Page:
Kleist's novella, which he himself subtitled A Legend, tells the story of a miracle. In an act of iconoclastic fury in the midst of the Reformation, four brothers are planning to invade the Cloister of Saint Cecilia. In the course of their assault, they are stopped by music the nuns are playing under the direction of Sister Antonia, a piece by an old Italian master. But Sister Antonia, it turns out, cannot have been the one conducting, because, as Kleist's narrator informs us, she was ill and unable to leave her bed. The four brothers and their army of iconoclasts are struck by the music and do not attack the convent and its art. The ensuing explanations of this remarkable event in Kleist's text, Meyer writes, do not explain it, but make it even more incomprehensible. The story of the convent ends with the notice that, although the convent survived the Reformation, it was eventually secularized. What remains is not the cloister, but its stones and the origination of the legend, "die Entstehung der Legende" (8): Kleists story about the power of music over the human spirit, music that changed the minds of the brothers and turned them either into fools or into believers, depending upon whether you believe in the religious miracle being narrated or find therein the secularized fabric of a modern text.

After presenting Kleist's novella, Meyer broaches a dialogue over the meaning and forces of secularization between Kleist und Hegel. While Hegel's "Versöhnung seiner selbst" focuses on the "Präsenz des Geistes" as a goal of secularization, Meyer emphasizes with Kleist the disruption of this 'Geist' by music–-or by a legend. With Kleist's legend, the modern subject begins to exist in the world, "fängt an, in der Welt zu sein" (11).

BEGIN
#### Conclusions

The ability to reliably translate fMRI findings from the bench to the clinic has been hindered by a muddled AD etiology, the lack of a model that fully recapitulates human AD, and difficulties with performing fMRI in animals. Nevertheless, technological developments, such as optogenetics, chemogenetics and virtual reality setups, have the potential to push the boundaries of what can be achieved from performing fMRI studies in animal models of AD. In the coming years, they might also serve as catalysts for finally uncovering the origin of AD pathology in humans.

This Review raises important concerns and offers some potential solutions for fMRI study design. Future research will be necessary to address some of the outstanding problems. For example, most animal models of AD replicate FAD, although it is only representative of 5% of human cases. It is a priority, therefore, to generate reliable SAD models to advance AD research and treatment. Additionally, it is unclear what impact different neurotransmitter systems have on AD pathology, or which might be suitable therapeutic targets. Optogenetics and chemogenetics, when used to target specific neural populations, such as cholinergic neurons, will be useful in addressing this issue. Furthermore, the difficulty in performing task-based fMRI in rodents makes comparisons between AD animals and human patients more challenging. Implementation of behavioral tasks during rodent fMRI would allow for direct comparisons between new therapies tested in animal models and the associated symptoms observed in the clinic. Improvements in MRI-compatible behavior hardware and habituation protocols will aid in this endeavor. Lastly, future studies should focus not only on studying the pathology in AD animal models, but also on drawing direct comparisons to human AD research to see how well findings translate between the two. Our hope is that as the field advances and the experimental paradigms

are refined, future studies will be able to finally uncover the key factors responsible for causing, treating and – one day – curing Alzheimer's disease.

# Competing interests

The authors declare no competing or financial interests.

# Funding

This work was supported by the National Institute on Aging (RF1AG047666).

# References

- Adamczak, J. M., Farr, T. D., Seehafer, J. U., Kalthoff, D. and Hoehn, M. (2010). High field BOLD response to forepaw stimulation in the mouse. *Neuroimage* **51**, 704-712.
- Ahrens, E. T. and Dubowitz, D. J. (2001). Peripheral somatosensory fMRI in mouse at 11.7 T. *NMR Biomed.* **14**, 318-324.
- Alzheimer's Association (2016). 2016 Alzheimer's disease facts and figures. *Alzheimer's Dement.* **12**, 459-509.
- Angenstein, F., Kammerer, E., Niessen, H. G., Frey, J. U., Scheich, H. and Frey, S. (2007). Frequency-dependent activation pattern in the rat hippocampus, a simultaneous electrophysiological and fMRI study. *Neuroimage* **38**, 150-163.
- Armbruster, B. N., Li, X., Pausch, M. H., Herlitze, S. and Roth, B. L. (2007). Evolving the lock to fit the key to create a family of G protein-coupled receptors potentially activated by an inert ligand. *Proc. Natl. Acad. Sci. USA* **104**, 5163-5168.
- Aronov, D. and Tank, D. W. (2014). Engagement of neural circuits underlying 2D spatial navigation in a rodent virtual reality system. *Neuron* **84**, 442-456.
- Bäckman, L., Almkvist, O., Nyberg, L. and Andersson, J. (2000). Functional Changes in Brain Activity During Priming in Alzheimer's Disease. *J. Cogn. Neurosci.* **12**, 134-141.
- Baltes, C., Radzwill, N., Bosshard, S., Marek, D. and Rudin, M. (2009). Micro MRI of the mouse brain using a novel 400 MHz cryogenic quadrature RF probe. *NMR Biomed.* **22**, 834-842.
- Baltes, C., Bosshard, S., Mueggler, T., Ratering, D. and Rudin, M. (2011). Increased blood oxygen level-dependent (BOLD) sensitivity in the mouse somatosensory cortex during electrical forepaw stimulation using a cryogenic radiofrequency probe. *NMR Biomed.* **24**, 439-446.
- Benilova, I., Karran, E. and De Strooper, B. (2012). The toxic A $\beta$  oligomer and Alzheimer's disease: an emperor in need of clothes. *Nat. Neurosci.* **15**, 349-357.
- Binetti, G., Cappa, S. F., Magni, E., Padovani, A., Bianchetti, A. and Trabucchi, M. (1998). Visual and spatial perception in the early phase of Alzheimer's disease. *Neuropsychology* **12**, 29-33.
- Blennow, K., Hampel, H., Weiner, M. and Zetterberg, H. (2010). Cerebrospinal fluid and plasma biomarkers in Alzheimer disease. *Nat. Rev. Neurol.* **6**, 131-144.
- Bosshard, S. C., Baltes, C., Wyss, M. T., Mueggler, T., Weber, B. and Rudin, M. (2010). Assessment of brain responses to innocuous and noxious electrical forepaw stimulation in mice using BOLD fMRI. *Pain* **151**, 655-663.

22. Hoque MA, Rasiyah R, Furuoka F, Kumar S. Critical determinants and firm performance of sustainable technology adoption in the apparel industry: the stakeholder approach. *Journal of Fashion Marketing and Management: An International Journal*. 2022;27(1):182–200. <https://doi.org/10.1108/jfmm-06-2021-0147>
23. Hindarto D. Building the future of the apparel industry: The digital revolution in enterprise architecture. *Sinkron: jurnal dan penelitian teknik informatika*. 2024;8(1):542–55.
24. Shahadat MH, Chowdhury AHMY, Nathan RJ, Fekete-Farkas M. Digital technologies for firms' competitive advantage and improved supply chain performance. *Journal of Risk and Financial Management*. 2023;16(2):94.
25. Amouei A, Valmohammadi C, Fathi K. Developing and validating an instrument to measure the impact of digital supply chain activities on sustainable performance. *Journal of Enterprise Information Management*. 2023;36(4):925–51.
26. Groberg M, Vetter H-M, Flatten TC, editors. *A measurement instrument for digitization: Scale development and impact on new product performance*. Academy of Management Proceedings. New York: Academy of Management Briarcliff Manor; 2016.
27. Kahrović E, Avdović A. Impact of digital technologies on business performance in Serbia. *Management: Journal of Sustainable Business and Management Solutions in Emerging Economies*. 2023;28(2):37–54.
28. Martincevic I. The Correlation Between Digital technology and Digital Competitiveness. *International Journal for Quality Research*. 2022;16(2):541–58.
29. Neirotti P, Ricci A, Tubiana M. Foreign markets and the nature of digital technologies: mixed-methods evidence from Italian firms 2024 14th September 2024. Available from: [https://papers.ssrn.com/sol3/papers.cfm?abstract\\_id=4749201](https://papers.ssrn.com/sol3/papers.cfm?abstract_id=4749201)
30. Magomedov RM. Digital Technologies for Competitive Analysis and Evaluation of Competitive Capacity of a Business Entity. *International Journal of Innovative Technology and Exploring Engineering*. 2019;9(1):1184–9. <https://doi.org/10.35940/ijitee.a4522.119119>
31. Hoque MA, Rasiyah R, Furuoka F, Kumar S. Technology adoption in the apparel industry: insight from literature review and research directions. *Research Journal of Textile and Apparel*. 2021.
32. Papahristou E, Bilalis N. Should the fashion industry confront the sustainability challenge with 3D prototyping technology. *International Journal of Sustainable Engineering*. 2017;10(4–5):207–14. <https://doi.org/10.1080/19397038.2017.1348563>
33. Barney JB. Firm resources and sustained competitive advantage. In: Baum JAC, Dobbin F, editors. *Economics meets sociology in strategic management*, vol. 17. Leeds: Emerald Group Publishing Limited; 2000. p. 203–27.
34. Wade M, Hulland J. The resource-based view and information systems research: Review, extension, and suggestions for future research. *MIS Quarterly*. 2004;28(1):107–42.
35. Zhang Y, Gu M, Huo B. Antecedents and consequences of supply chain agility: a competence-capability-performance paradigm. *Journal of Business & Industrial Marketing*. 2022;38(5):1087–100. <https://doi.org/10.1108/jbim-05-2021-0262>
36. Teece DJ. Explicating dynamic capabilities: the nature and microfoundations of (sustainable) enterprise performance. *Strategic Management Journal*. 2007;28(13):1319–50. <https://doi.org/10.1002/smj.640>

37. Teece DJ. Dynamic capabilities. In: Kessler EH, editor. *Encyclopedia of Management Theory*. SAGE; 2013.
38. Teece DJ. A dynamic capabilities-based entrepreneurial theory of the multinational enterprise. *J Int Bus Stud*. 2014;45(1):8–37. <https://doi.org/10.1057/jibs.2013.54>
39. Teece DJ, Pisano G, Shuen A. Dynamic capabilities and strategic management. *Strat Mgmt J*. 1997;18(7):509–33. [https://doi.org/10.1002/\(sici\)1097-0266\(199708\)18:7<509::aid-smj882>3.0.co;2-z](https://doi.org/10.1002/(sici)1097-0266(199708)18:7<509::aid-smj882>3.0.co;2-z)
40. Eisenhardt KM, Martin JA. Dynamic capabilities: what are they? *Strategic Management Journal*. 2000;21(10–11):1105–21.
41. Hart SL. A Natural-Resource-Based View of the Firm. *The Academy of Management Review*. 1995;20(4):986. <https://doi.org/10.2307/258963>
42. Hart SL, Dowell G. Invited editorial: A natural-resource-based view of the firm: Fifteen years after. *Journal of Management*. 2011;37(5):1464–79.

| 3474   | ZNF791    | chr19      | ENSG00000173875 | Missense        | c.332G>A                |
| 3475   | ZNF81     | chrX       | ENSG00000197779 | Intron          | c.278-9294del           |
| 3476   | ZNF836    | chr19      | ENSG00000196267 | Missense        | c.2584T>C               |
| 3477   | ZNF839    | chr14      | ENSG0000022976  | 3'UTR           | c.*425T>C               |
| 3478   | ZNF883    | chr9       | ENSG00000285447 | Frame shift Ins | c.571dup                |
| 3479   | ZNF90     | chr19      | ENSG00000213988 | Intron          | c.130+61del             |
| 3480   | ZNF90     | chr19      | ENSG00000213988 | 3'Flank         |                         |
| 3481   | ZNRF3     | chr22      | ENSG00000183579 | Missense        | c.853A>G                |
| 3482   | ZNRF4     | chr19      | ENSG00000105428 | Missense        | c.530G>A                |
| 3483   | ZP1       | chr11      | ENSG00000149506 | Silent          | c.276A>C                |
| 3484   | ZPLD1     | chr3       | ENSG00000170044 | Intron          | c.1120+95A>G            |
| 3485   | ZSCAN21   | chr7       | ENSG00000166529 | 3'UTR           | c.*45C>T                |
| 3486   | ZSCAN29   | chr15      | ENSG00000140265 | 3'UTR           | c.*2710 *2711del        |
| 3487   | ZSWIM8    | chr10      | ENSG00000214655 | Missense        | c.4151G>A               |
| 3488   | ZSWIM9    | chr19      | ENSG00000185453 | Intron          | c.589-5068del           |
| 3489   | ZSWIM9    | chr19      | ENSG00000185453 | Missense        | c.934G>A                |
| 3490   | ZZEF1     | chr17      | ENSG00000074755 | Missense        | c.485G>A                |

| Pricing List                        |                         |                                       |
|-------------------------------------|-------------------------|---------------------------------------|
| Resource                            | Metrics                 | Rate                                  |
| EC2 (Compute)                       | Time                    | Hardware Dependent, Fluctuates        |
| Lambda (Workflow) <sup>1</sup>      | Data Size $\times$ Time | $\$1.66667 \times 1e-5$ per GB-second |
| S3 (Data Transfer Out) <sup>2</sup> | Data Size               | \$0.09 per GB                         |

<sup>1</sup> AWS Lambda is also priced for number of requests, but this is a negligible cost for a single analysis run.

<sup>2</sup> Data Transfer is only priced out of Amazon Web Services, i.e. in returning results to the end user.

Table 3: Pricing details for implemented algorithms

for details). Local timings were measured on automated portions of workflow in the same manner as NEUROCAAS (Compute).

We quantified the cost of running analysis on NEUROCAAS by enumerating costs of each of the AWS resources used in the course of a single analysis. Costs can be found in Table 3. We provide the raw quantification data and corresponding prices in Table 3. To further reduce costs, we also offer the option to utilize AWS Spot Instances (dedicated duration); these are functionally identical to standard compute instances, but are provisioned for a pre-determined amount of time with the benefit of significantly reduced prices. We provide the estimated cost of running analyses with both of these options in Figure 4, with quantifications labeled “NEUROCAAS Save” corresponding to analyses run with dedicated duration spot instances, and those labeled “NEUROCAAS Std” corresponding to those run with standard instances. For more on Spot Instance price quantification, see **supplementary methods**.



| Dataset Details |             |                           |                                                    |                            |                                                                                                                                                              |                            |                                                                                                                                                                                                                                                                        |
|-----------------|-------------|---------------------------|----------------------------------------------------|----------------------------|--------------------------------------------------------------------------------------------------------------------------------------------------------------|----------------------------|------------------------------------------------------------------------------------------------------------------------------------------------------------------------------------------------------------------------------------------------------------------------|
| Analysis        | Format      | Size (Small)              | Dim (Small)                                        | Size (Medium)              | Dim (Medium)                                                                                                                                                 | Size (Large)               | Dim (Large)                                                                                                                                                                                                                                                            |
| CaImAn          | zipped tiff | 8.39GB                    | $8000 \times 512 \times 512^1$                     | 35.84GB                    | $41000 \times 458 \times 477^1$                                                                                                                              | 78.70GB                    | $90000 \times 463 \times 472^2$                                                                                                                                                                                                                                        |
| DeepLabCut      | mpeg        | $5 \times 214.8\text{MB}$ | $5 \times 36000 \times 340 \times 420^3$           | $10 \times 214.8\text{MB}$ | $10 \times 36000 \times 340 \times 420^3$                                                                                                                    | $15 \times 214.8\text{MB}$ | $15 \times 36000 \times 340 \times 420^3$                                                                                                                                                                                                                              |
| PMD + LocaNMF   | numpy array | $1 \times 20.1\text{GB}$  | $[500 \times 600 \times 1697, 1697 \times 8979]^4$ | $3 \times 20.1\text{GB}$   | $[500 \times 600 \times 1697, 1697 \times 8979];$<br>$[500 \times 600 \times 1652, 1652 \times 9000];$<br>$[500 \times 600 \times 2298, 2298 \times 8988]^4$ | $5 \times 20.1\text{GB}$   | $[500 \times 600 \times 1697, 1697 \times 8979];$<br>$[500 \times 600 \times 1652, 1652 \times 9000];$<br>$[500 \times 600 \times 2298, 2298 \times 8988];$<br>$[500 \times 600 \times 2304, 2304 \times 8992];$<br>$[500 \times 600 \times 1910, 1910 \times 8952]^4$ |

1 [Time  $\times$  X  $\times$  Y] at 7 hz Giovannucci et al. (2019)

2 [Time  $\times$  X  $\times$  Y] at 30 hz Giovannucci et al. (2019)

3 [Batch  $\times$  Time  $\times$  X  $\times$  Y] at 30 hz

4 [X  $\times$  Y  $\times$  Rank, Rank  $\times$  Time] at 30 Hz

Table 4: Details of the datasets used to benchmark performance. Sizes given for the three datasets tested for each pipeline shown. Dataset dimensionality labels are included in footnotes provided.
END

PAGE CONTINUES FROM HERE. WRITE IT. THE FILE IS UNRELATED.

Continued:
In the context of Kleist's story about the confrontation of Catholic legends with the reformatory difference between fact and fiction, Meyer turns to Hannah Arendt's theory of story-telling as an act that presupposes plurality and therefore the world. Telling stories, and thereby building a world, is for Meyer "das Werk der Vielen, in dem sich die Einzelnen wechselseitig versprechen und auf die Zukunft einlassen können" (11). Telling stories as sharing with others, as 'mit-teilen', is also–as Meyer writes with reference to Walter Benjamin–always in danger of losing its ground, namely the experience people are able to accumulate. But as Meyer remarks with reference to Karen Armstrong's A History of God, religious stories need to be open to a certain extent: they need to allow of recitation and of alteration in the retelling. The legend allows for a flexibility of repetition that contributes to the success of religion. Fundamentalism in turn can be considered as a way of cutting off repetition, as a denial of the historicity of religious accounts and the narrative mode of legend. Is this also true, asks Meyer, for the narrative of secularization and enlightenment we are a part of ? Do we have to think of secularization as a new story about God (13)?

In opposition to the narrative of secularization, the legend confirms the fact that "everything is possible." It deals with stories that are unbelievable, such as stories of God in a secularized world.  Given that the legend has to be shared by many and that it has to be read or told again and again, it resembles the force of communication in the political realm. In the public sphere, the difference between truth and lie cannot account for political decisions.  If the lie is enormous, Meyer writes (drawing here on Hannah Arendt), it may be successful. It builds a new world, but a world that denies the differences of reality ("Tatsächlichkeit"), a new, fictitious world. This world of fiction, as Meyer puts it, is "jede Welt, die keine Welt der Vielfalt und des Zusammenlebens von kulturellen und religiösen Unterschieden ist" (14). There are only two options here: one can either be part of it or be excluded, but one cannot tell a different story within the fictitious world itself. In reducing human beings to a solid identity with a set of predictable reactions, we forget "'dass alles möglich ist'"–according to a claim by Arendt that Meyer repeatedly cites.